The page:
BWW Review: CANFIELD DRIVE Asks Where Are You in Your Work to Heal Racial Trauma?
Playwrights Kristen Adele Calhoun and Michael Thomas Walker's new drama, Canfield Drive, received its world premier this month, after being co-commissioned by 651 Arts in partnership with The St. Louis Black Repertory Company and the National Performance Network. Under development for the past four years, this breathtaking new play takes a hard, serious look at incidents and attitudes surrounding the August 14, 2014 fatal police shooting of Michael Brown, the Ferguson protests that followed, and the #BlackLivesMatter movement. Calhoun and Walker, whose work is well-researched and hard-hitting, use a documentary theatre structure, with many short scenes based on interviews from people around Ferguson and around the nation whose voices might not necessarily have been heard in traditional media coverage.
With just four stellar actors portraying a multitude of interesting characters, the work dives right into the depths of a tough topic, refusing to hold back. The work is about Michael Brown, yes, but it is bigger than that, boldly examining 400 years of systemic racism. Some scenes are fraught with overwhelming tension and others lighten the mood with poignant absurdity, but all are woven together to advance a storyline that follows two news reporters from opposite sides of the political aisle (and opposite beneficiaries of white privilege) during the height of the Ferguson coverage.
The reporters cover for a news program, Battleground, modeled after cable news talk shows featuring two distinct points of view regarding current political and social issues, moderated by a third person. Using multimedia screens containing actual photos and video footage from several sources including social media, there is a palpable urgency for Battleground's reporters (a black female Imani Duncan-Ward, and a white male Brad O'Connor) to break the news as it happens, but their personal understandings and considerations for black rage, implicit bias, activism, willful ignorance, violence, civil rights, and systemic change are in great conflict, sparking much debate on live TV to their over 8 million viewers who are witness to the breakdown in their relationship.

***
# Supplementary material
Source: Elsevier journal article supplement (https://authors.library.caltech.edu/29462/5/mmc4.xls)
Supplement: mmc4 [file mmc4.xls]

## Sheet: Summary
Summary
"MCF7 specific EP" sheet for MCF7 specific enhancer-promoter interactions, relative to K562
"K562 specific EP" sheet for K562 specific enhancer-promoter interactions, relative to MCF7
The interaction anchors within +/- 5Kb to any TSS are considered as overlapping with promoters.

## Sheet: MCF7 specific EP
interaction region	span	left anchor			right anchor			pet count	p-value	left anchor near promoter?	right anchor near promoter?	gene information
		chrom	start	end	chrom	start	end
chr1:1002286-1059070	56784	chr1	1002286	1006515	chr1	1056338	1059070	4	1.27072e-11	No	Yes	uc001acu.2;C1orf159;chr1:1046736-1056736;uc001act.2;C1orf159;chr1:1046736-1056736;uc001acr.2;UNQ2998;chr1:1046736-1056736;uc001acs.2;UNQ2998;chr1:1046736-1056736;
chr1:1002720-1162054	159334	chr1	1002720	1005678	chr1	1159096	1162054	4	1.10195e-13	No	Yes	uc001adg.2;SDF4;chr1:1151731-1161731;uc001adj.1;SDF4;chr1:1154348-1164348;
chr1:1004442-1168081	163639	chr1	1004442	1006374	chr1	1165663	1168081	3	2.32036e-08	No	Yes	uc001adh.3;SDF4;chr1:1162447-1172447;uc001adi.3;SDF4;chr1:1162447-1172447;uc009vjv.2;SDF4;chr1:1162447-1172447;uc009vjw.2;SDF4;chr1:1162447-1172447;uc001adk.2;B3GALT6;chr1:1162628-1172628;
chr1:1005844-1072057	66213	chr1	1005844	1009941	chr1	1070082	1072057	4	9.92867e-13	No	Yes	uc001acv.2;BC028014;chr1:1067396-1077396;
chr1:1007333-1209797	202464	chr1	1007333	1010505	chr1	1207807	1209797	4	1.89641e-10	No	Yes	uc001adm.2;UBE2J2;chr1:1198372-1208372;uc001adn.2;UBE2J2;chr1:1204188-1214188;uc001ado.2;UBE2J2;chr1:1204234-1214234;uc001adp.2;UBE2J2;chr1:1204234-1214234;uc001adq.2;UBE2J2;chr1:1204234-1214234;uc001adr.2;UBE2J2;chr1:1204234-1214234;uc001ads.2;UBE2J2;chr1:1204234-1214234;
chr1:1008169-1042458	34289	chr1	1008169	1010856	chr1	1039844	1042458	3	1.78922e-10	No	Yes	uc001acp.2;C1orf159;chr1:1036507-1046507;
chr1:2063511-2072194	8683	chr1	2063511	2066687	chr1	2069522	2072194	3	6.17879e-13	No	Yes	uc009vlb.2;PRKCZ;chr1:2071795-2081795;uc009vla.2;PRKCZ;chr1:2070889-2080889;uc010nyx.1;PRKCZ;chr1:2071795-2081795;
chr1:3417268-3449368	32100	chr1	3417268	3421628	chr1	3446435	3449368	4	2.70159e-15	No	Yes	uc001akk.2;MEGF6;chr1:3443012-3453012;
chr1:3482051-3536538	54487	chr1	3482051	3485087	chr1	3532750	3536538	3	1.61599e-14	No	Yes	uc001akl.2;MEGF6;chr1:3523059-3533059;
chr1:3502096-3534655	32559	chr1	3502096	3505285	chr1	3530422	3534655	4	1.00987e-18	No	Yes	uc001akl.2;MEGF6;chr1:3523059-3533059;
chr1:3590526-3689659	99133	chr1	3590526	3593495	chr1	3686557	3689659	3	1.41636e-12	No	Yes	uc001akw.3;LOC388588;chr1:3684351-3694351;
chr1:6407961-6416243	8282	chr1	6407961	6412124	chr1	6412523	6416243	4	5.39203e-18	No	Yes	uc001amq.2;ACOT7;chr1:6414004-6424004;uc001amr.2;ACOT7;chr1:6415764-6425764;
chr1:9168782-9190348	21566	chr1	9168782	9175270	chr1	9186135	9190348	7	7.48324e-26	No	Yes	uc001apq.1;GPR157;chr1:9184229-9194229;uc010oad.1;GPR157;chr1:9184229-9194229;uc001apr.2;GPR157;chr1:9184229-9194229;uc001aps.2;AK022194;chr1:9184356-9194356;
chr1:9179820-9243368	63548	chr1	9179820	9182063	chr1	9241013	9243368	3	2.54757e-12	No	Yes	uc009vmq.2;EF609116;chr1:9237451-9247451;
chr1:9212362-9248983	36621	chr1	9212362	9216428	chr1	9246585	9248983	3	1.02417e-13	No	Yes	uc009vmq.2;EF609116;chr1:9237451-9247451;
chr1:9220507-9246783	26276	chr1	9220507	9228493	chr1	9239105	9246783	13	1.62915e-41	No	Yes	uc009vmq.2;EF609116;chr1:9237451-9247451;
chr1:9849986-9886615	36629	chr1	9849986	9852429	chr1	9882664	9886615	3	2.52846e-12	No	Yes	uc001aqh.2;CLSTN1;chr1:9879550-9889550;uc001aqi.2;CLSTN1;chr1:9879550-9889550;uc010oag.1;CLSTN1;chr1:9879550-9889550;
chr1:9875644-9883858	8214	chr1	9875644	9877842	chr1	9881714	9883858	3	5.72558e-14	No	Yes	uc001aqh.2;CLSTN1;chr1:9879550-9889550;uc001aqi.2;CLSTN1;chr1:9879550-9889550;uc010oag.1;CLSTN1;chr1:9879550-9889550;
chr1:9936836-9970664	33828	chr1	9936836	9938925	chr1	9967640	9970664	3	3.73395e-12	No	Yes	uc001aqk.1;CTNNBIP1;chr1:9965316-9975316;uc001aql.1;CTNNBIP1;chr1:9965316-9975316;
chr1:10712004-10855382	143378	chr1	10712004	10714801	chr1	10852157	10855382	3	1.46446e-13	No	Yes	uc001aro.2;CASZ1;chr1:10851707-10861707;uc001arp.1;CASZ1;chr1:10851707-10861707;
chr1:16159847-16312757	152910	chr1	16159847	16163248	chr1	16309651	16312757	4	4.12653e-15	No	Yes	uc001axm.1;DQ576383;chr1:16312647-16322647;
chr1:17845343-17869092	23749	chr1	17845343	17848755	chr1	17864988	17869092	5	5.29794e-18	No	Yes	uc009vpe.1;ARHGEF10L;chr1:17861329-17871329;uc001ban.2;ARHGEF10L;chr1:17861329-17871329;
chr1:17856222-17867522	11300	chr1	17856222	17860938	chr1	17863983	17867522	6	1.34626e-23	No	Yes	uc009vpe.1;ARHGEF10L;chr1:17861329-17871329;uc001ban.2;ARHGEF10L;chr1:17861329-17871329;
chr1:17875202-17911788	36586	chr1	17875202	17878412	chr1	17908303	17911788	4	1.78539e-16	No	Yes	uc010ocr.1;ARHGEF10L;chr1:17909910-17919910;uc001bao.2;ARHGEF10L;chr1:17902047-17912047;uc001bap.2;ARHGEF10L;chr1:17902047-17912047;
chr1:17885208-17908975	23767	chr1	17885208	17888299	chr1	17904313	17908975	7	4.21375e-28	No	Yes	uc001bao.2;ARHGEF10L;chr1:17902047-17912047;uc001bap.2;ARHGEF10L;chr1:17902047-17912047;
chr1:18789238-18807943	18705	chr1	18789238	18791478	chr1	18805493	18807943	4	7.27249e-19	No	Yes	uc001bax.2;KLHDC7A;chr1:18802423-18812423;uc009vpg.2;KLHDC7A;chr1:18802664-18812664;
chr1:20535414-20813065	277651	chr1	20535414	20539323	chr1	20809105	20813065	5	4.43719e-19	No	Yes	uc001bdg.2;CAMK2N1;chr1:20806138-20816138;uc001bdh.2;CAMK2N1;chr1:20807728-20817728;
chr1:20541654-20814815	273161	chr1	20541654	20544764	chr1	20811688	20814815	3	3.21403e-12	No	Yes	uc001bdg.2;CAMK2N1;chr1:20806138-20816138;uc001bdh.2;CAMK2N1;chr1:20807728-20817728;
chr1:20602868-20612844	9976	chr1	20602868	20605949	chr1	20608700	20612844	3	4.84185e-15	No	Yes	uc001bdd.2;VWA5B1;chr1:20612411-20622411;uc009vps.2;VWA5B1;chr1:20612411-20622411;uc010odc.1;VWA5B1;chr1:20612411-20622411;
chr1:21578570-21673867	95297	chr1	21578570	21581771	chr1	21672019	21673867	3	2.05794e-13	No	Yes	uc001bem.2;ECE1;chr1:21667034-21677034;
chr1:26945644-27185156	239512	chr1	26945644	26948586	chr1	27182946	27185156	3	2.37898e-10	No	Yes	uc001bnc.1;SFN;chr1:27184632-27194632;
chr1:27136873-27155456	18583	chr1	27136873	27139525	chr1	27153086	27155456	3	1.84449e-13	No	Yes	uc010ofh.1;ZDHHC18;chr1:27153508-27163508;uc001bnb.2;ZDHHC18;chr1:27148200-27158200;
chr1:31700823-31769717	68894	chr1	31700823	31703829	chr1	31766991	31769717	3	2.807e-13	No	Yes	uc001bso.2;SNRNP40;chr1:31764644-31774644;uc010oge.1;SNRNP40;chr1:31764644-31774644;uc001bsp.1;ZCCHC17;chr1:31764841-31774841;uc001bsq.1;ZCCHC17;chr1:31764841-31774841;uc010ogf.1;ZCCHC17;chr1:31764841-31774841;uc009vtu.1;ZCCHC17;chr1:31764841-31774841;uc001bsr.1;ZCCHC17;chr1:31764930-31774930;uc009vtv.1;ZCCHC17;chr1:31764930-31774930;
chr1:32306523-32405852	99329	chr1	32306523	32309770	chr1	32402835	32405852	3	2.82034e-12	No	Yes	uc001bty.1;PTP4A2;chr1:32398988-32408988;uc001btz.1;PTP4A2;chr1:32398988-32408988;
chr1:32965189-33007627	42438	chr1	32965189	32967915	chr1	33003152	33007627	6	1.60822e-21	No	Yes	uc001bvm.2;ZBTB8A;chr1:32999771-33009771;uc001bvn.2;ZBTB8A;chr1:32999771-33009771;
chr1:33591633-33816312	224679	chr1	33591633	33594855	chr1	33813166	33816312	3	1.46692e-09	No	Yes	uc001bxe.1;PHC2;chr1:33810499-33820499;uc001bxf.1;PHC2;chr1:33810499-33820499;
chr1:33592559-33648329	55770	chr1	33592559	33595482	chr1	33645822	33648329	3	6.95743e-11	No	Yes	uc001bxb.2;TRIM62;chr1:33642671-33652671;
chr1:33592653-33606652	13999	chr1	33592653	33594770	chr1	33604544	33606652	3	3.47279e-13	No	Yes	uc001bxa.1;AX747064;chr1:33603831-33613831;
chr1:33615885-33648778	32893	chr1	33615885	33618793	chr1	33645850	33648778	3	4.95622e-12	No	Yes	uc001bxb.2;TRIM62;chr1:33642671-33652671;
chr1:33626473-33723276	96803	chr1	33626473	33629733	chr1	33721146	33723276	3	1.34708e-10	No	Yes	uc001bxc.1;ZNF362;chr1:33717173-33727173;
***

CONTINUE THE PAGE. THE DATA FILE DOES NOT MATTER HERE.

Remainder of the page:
Calhoun the playwright, billed as Kristen Adele, is stunning in her intense portrayal of Duncan-Ward and other characters. Christopher Hickey definitely looks and plays the part well of O'Conner and others. Eric Conners, tremendously delightful in his versatility, plays moderator Marcus and others. And Amy Loui rounds out the cast with her adept portrayal of many, many various characters, including Duncan-Ward's assistant, Rabbi Susan Talve, and activist Elizabeth Vega. All are equally strong and work well together to create seamless transitions and impeccable pacing.
Canfield Drive, titled after the street where Brown was killed, is the conversation St. Louis and America need right now. It reminds us that it is the conversation alone that both "rips the scabs off this festering wound called racism" and begins to heal it. It challenges its audience by pointedly asking them in the end to ask themselves, "What am I building? What am I creating?" Showing up for the conversation is a fine place to start.
Canfield Drive plays through January 27 at Washington University in St. Louis' Edison Theatre. Producing Director Ron Himes directs, with scenic design by Peter and Margery Spack, lighting by Jim Burwinkel, costumes by Marissa Perry, sound design by Kareen Deanes, and stage management by Tracy D. Holliway-Wiggins. After appearing at the National Black Theatre Festival in Winston-Salem, NC this summer, it will open in New York. For more information about Canfield Drive and The Black Rep's 42nd season, visit theblackrep.org.